The Hipster Cometh
The following article was written by blindboy
Older generations disapproving of younger ones is such a common theme throughout human history and across all cultures that it must be deeply built into our psychology. If it was not, a few moments reflection by those inclined to criticise would lead them to the obvious conclusion that they cannot win. The old grow weaker and less influential, the young get stronger and more influential. This is the remorseless logic of the human condition. Inter-generational conflict is not won by a battle of ideas so much as by siege. The young simply out last the old.
The period of intense cultural conflict in the sixties and seventies is a classic illustration of this. The culture we have now of racial and gender equality and open sexuality arose from the conflict between the generations that had survived depression and war and those who had grown up in times of peace and plenty. Those in power at the time overwhelmingly disapproved and opposed the changes but time and voter demographics won out. Interestingly, surfing at that time, in many ways, ran against the trend. The previous generations of surfers had been easy going, free wheeling characters much more interested in getting out there and enjoying themselves than in formal competition. It was the generation reaching maturity in the early seventies that established what would become the mainstream surfing culture for the next forty years.
Surfing has never been a single uniform entity, but for much of its history there has been a central culture around which the outlying groups arranged themselves. If you want to study it look no further than the surfing media. Styles, personalities and standards of performance have all changed over time but the constant has been an aggressive determination to move forward; ever faster, ever harder, ever bigger, ever deeper. And this has not just been at the elite level, that was the ethos most surfers took with them into the water, a clear determination to compete for the best waves and to surf them to the best of their ability.
But nothing lasts for ever. Different circumstances demand different responses, and so comes the hipster-surfer, a sub-tribe of the broader hipster movement, characterised by retro sensibilities and a non-competitive attitude. It might seem a strange transition that an urban culture arising from the trendiest sections of New York should resonate so strongly with surfers who, collectively, have never exactly been known for their interest in fashion, politics or art house films.
One factor has been the shift in the class structure of the main surfing areas. The beach side suburbs around the east coast urban areas were once dominated by blue collar workers and those with lower middle class white collar jobs. The talk in the surf was more likely to be about brick laying and which bands were playing the local pub than banking and Almodovar's latest film. As anyone who has sat around in a crowd waiting for a set recently knows, that is no longer true. Different classes have different values and the upwardly mobile classes that now inhabit these areas do not share the competitive macho attitudes that once dominated in the surf.
Crowding is another factor. Previous generations of surfers, in most of the centres of the sport, had access to plenty of waves. Even in the urban areas keen surfers could always find enough waves to satisfy the competitive drive so central to the culture. That has changed. Crowds have grown steadily over time but in the last decade they have reached levels that are a disincentive to serious surfing to all but the most committed. How can you take performance seriously when the reality is that you cannot obtain enough waves to develop your skills?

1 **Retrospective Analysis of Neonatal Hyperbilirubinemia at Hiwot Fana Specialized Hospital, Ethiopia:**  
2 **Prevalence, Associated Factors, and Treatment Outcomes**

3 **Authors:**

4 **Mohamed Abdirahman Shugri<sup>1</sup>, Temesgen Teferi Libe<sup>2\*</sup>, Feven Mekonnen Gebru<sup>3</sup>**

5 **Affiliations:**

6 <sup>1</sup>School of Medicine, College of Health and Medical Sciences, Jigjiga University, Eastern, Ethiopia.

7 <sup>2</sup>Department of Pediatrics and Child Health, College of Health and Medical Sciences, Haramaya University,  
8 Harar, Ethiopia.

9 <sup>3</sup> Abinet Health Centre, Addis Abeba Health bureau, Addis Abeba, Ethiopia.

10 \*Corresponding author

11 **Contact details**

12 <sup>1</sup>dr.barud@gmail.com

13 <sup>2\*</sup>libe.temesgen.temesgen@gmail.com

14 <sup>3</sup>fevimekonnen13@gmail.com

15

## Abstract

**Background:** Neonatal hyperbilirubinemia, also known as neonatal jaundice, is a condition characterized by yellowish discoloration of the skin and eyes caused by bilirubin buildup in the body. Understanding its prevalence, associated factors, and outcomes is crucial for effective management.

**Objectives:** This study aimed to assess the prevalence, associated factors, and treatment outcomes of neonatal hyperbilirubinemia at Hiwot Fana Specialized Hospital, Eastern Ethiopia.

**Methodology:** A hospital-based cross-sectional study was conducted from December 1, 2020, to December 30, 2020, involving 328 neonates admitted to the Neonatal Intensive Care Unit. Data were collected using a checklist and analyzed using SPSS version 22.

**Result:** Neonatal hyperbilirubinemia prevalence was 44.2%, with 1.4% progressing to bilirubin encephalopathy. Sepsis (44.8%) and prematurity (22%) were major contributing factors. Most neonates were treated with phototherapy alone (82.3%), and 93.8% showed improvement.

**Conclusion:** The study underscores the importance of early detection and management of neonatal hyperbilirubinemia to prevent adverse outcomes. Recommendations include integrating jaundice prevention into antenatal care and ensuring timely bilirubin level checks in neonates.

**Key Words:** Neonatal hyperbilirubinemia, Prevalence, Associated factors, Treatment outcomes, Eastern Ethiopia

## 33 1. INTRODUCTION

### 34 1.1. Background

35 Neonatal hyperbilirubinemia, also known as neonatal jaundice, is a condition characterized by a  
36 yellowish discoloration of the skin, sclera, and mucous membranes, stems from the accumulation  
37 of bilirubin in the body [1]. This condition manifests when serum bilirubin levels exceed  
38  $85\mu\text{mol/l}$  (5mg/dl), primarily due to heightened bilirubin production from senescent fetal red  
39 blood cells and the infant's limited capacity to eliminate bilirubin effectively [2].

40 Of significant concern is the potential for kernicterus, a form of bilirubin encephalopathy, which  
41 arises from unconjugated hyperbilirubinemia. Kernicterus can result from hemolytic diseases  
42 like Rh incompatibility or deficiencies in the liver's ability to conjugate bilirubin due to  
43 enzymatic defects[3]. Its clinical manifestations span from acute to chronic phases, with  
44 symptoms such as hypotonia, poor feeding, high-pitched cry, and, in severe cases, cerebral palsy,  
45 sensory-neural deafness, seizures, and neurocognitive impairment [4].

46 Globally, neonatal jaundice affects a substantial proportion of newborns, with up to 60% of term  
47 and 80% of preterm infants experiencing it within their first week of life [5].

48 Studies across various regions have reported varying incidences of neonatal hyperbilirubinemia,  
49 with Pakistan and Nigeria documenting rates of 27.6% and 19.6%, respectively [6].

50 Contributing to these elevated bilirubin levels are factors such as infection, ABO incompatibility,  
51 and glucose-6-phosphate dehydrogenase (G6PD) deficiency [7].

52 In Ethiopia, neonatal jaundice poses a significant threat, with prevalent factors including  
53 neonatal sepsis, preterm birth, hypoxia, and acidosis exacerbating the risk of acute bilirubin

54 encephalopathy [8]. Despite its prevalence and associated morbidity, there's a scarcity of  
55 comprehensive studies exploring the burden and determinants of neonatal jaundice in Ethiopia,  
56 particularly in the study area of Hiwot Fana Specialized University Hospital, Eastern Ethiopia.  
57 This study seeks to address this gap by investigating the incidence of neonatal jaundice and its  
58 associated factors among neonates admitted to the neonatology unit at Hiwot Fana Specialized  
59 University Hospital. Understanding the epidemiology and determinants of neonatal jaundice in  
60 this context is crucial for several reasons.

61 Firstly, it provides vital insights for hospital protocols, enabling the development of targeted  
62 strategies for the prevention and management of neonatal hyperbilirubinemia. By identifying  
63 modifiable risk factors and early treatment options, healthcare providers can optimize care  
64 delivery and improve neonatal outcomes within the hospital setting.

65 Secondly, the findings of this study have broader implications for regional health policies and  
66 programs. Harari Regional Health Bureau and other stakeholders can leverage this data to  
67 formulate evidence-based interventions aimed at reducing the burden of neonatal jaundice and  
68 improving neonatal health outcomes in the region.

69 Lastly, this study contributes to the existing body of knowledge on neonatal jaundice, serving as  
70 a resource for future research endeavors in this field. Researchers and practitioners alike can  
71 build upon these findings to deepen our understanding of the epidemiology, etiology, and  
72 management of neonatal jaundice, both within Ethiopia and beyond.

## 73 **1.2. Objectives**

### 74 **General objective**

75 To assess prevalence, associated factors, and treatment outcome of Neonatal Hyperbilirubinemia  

The hipster-surfer has solved the crowd problem by chilling out and being happy with what they can get and, in the process, attacked surfing's central cultural pillar. The retro low performance boards make a clear statement of intention - this is not about ripping and tearing, this is not about ever deeper, ever faster, ever harder. This is about style, about cool in that pure 1950s sense of detachment. This is jazz, not rock n roll.
Once this is appreciated the level of hostility they generate is easily understood. It is not the beards or the retro boards that annoy older surfers, or those of the younger generation who cling to surfing's traditional values. It is the psychological shift. Those who once may have considered themselves subversive are now themselves subverted. The notion that surfing is a competitive sport with an ever upward trajectory of performance is under question.
The implications of this are hard to predict. It may be a fashion that disappears as slowly as it has appeared but it could, just as easily, be a permanent cultural shift that threatens not just what has been the underlying ethos of surfing for several generations, but the whole concept of surfing as a competitive sport. ZoSea aim to make professional surfing a mainstream sport but it is hard to see them succeeding if future generations of surfers do not share that vision. Coloured t-shirts, point scores and hyper serious analysis of performance would not seem to fit the hipster-surfer style. It may even be that the dream tour ceases to be a dream and becomes a mere memory as competitive surfing slides into irrelevance.
Draw the battle lines if you must but take care to look which side you are on. The great siege engine of time will undo those who cling to the past. //blindboy